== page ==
Interesting events continue unfolding at Columbia/HCA Healthcare Corp. Last November the hospital giant announced plans to spin off 108 of its 340 hospitals. Later that month the Columbia signs were removed from its corporate headquarters building in Nashville. Columbia hospitals in different cities around the country have quietly removed the word Columbia from their names. Indications are that Columbia intends to undergo a name change at some future point.
Early in January it was revealed that the Justice Department is asking state officials to join its probe of Columbia’s laboratory billing methods. A confidential Justice Department memo was circulated to state officials nationwide on the issue of laboratory test billing and medical necessity for these tests.
According to the American Medical Association, more than half of the 600,000 physicians in the United States negotiated through an independent physician association (IPA) last year. Estimates are that 3,000 IPAs and 3,000 physician-hospital organizations (PHO) currently operate. Laboratories sell their services to IPAs and PHOs in many markets. With half of the nation’s physicians now participating in IPAs and PHOs, this demonstrates the rapid restructuring occurring to the traditional clients of clinical laboratories.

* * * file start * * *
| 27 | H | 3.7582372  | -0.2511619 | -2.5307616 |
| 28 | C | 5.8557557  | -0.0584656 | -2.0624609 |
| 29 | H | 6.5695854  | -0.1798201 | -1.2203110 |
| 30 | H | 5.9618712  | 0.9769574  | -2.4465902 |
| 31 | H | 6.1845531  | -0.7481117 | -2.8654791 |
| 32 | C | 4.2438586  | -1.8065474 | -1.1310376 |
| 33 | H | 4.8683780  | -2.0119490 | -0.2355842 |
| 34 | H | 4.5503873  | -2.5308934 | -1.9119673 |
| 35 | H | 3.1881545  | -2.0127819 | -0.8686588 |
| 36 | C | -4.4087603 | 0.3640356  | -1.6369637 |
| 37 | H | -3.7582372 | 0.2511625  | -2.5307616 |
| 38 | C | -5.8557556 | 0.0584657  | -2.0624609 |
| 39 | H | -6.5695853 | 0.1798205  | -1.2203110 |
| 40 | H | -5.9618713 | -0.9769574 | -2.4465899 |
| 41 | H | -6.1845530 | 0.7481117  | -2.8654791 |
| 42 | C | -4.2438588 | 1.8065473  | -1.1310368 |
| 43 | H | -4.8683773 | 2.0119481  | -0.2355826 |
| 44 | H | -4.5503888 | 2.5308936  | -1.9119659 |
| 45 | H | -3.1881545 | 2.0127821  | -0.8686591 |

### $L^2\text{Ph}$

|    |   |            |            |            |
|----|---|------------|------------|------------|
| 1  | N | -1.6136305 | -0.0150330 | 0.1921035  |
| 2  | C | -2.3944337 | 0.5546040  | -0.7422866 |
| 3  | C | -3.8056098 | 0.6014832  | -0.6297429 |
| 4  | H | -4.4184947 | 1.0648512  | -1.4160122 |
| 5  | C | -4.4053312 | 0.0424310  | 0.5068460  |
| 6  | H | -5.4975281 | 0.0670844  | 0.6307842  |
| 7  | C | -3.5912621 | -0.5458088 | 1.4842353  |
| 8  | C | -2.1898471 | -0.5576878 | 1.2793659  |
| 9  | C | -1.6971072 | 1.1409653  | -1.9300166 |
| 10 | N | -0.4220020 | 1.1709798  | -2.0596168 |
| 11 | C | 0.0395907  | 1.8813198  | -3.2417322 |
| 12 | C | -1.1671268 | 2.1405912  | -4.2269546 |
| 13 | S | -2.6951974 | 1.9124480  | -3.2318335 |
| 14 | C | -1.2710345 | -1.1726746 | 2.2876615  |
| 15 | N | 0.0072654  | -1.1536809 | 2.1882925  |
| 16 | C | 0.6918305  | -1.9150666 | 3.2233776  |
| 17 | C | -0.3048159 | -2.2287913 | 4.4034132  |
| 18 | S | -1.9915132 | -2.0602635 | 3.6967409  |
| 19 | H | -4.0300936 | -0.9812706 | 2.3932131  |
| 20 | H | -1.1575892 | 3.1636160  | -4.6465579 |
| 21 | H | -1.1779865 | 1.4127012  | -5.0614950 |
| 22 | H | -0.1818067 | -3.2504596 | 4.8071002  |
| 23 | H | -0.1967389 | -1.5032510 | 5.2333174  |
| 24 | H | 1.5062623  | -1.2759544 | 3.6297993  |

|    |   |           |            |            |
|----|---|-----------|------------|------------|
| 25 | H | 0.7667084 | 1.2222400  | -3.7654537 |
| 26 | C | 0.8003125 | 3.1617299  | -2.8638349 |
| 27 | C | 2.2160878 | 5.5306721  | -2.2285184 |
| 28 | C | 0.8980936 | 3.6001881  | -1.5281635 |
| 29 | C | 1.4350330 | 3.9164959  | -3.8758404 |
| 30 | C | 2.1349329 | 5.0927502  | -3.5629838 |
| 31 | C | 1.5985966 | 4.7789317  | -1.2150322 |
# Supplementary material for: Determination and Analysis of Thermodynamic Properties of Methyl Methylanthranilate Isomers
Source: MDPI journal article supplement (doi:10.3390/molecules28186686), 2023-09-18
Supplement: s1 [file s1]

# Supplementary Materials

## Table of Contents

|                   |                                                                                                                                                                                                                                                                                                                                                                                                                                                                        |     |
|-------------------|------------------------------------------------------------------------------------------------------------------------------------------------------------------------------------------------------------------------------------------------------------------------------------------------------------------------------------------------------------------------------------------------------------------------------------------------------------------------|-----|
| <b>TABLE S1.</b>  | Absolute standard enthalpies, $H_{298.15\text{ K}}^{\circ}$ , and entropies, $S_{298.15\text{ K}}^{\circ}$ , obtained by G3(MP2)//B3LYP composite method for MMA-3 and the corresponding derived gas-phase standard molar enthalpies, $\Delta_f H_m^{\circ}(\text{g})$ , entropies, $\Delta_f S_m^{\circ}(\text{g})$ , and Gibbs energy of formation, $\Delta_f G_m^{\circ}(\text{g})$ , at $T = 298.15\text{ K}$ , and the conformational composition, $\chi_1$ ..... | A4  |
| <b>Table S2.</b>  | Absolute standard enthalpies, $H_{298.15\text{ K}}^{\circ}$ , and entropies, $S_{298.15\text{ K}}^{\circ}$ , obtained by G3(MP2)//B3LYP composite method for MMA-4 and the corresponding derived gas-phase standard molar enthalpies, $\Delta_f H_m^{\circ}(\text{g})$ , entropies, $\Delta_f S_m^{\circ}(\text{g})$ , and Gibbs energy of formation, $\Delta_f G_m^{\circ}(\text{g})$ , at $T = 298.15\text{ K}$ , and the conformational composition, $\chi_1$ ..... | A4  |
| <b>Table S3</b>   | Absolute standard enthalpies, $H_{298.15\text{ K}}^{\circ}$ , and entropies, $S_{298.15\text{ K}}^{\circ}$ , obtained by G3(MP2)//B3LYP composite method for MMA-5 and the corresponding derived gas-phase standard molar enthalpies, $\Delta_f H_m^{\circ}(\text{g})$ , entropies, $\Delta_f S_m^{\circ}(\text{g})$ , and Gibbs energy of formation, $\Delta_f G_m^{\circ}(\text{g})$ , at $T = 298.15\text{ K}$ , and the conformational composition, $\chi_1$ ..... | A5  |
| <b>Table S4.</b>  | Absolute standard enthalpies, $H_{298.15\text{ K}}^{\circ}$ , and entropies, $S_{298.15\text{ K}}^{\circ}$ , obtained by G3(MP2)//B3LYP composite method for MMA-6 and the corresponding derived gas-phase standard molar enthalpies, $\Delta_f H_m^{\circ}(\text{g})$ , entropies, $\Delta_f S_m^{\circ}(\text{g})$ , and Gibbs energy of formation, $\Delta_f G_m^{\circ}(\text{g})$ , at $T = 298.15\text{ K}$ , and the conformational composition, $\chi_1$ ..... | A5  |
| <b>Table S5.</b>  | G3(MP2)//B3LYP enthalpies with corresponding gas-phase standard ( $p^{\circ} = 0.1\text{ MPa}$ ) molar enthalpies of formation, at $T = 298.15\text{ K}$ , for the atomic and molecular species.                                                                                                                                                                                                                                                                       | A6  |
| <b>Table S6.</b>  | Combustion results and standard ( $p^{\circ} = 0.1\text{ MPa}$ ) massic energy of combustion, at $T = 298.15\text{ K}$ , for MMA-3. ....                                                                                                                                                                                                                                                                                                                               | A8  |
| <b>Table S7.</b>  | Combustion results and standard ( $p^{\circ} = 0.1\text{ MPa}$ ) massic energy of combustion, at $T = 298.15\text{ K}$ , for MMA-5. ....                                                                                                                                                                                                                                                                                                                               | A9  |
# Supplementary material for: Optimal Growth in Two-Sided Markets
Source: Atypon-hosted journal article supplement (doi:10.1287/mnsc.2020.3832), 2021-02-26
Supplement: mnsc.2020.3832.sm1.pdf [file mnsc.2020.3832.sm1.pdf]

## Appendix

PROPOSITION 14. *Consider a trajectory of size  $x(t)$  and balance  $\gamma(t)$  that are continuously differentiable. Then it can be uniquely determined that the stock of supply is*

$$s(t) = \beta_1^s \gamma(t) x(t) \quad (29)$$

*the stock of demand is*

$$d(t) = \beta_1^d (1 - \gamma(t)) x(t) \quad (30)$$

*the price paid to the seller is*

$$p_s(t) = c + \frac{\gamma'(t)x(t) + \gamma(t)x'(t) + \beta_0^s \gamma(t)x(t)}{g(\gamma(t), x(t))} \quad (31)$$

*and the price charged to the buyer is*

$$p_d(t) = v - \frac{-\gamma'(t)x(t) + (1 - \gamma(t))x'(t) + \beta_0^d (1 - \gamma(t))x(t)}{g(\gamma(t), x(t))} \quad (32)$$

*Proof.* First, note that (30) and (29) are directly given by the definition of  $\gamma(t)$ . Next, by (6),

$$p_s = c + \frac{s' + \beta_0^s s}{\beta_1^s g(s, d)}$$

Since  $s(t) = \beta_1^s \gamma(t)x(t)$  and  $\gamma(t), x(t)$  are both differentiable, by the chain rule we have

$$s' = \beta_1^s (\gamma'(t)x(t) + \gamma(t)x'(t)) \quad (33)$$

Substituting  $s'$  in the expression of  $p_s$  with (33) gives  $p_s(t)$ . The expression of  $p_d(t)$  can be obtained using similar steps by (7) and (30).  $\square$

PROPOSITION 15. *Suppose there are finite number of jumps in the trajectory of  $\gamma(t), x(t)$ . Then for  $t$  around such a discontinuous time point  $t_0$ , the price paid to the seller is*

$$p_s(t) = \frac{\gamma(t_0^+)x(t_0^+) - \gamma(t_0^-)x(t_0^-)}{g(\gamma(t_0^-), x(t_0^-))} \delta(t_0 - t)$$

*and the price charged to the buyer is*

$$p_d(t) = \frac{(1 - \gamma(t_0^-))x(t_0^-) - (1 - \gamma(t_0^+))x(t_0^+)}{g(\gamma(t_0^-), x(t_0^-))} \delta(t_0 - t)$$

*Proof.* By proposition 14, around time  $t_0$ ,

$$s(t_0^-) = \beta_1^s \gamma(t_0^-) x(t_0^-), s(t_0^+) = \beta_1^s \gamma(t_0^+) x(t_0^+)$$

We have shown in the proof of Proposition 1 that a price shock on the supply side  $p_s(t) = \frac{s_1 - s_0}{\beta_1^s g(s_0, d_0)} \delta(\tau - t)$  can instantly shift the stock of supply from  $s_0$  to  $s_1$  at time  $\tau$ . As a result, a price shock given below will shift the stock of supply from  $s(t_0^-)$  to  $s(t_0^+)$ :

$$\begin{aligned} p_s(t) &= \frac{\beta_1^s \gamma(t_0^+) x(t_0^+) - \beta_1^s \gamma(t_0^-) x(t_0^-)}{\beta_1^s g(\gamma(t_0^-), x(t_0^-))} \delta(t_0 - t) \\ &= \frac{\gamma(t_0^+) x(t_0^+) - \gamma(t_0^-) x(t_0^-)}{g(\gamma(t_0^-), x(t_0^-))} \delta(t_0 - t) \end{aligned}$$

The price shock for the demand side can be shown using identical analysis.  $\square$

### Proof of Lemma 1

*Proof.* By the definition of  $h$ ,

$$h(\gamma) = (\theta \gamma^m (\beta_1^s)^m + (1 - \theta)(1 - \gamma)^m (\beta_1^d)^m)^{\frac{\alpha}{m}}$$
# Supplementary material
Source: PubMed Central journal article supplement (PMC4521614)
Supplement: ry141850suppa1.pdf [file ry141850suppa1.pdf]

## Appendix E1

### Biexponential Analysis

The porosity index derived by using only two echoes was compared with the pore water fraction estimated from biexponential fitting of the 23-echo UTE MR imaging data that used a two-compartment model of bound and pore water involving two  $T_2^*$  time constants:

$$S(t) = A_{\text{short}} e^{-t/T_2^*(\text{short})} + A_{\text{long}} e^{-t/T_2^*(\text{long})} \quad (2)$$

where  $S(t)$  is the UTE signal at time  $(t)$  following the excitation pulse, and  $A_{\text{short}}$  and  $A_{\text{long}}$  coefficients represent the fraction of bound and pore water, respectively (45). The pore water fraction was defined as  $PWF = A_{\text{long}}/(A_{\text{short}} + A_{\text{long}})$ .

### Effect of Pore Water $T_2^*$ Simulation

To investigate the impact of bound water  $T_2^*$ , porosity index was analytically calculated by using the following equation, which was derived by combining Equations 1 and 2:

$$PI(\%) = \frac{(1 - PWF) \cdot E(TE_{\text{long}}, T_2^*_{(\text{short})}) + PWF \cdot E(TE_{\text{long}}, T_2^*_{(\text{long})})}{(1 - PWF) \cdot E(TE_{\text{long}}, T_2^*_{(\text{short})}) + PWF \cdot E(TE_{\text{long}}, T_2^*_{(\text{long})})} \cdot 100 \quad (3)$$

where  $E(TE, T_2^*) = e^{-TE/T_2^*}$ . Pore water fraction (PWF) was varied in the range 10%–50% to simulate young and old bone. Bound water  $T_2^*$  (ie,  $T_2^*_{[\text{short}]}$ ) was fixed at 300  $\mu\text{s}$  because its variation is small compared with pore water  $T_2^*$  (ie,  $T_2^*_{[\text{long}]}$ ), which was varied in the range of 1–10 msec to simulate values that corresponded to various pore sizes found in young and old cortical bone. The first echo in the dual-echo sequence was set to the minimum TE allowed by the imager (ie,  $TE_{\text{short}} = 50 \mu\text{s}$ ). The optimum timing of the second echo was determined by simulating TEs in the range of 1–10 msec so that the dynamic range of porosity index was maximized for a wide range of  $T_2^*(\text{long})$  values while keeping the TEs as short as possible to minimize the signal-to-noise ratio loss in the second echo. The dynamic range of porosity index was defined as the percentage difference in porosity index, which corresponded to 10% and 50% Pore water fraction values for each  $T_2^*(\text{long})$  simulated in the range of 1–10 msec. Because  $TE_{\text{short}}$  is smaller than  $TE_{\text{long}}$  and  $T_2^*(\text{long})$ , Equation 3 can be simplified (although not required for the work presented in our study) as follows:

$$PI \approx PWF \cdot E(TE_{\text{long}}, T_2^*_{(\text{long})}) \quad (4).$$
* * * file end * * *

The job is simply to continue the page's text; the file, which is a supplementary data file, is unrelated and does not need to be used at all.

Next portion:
APR LOSES LEADER
There is a change of leadership at American Pathology Resources in Nashville, Tennessee. George Goodwin, President and CEO, left the pathology-based physician practice management (PPM) last week. Chairman Robert West, M.D. is the interim President and CEO. No public announcement was made concerning reasons for Goodwin’s departure.
An interesting footnote to events at SmithKline Beecham Clinical Laboratories (SBCL). The company announced the sale of its SBCL SCAN® business to ActaMed Corporation of Atlanta last week. SBCL SCAN is the computer system used by physicians offices for ordering laboratory tests and receiving results. More than 60,000 clients are hooked up to this system. ActaMed will maintain service to SBCL clients and assume responsibility for ongoing product development of this system. SBCL officials declined to comment on reasons for the divestiture of this business unit.
PhyCor, Inc. and MedPartners, Inc. will not merge after all. Officials at both companies announced on January 8 that “significant operational and strategic differences” made it impractical to complete the proposed merger. The combination would have boasted annual revenues of $8 billion and affiliations with 35,000 doctors nationwide (about 5% of all physicians in the United States).
Regardless of the corporate cultures of the two firms, the most daunting task facing them individually is how to address the unique differences of each regional healthcare market. These national physician practice management companies are struggling to maintain relevant local services appropriate to each regional market’s needs.